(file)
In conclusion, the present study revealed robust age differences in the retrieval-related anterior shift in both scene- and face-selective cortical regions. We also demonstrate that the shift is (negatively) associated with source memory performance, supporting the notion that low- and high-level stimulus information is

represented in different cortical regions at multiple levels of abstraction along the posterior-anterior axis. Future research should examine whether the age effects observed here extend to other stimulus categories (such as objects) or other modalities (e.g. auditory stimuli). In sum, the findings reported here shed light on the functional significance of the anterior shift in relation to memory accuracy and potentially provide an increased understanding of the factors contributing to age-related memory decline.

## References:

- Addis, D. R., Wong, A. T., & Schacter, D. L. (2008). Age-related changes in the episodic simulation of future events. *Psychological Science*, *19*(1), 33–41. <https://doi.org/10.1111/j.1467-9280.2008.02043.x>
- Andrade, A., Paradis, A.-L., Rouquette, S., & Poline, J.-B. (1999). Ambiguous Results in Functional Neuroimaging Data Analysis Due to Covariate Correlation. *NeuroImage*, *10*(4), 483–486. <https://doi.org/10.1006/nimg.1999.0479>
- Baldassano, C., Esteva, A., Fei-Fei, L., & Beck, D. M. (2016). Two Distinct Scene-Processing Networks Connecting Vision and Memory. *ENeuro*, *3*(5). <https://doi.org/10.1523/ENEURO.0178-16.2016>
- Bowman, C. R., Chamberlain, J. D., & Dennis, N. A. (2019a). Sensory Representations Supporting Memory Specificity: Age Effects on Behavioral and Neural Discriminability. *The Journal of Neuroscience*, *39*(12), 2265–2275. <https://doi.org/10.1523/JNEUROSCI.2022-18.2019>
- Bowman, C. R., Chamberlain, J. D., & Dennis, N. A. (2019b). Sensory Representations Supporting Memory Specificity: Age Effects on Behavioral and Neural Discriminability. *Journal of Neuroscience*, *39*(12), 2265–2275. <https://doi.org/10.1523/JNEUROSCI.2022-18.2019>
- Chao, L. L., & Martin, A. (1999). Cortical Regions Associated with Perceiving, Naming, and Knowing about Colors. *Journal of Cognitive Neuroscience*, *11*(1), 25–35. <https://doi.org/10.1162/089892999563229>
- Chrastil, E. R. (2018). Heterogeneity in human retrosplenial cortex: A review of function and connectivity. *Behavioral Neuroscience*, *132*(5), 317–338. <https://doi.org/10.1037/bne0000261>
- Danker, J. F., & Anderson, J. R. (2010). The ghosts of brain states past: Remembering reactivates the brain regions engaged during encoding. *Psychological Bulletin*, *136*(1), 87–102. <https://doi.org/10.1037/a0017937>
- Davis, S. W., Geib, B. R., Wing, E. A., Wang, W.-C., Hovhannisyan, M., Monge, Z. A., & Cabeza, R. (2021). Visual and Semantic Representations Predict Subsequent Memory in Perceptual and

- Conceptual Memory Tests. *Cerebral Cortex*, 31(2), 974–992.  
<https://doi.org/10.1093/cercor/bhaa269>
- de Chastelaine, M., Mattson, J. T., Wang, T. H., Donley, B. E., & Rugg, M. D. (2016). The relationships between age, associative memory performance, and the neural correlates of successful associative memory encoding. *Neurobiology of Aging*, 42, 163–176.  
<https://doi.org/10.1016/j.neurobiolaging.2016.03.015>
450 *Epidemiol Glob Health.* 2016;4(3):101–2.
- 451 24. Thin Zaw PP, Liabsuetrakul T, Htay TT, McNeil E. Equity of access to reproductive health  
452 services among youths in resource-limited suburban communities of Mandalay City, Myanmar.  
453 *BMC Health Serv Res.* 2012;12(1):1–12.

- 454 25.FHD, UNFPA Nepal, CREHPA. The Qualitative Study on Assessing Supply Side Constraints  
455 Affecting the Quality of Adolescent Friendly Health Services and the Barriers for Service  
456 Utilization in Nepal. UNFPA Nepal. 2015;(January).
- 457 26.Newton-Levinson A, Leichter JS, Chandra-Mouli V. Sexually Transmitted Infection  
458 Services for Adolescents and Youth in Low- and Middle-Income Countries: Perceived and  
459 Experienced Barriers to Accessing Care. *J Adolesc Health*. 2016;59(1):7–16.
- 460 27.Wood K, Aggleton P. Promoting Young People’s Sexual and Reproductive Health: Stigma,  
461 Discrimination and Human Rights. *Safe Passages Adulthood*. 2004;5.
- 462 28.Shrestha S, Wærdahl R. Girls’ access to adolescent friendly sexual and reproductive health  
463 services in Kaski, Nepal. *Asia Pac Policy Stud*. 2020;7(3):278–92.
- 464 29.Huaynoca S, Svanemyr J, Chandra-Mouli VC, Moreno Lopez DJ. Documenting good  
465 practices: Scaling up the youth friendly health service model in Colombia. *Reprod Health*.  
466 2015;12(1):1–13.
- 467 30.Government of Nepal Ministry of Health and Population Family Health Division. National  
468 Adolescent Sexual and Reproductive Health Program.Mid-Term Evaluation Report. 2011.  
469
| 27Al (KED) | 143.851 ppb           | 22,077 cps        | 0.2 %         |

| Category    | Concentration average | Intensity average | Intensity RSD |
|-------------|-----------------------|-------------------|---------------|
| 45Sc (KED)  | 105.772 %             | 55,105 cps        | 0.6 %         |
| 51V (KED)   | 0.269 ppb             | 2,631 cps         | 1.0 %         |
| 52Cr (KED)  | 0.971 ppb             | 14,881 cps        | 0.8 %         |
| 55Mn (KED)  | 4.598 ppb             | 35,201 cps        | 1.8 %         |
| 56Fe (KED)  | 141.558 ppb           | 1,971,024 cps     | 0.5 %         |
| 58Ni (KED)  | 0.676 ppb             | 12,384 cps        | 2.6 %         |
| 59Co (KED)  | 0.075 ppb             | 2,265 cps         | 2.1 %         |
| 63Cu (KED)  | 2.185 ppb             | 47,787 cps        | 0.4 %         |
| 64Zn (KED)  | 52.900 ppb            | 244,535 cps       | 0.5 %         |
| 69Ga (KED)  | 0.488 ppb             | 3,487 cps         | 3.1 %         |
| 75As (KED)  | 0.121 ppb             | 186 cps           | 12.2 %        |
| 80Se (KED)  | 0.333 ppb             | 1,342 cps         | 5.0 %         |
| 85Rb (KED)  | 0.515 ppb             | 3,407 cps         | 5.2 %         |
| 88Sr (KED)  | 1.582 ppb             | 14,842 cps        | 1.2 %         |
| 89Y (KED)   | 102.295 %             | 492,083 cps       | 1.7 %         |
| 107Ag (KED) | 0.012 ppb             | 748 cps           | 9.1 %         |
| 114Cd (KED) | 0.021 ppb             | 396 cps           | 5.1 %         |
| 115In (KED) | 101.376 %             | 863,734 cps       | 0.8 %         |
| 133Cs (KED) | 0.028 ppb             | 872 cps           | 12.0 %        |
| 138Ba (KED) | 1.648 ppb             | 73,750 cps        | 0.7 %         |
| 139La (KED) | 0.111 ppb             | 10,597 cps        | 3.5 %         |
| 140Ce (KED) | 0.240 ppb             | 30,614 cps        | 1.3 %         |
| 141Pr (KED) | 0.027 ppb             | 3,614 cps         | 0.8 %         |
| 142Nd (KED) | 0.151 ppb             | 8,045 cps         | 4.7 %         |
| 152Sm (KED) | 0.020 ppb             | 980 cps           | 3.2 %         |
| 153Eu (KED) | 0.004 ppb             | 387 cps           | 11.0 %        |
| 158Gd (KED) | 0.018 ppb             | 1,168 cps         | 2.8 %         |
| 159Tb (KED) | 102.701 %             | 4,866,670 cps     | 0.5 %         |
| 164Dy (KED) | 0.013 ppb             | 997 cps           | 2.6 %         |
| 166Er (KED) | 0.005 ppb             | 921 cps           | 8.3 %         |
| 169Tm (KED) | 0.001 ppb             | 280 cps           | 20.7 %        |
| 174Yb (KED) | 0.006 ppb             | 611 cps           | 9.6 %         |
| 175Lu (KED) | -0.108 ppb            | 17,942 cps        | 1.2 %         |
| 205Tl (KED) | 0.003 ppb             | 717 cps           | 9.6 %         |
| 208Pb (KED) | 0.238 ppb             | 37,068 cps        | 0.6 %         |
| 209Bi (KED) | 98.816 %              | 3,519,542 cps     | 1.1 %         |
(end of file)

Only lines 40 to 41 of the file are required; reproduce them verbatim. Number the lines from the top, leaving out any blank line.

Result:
| 45Sc (KED)  | 105.772 %             | 55,105 cps        | 0.6 %         |
| 51V (KED)   | 0.269 ppb             | 2,631 cps         | 1.0 %         |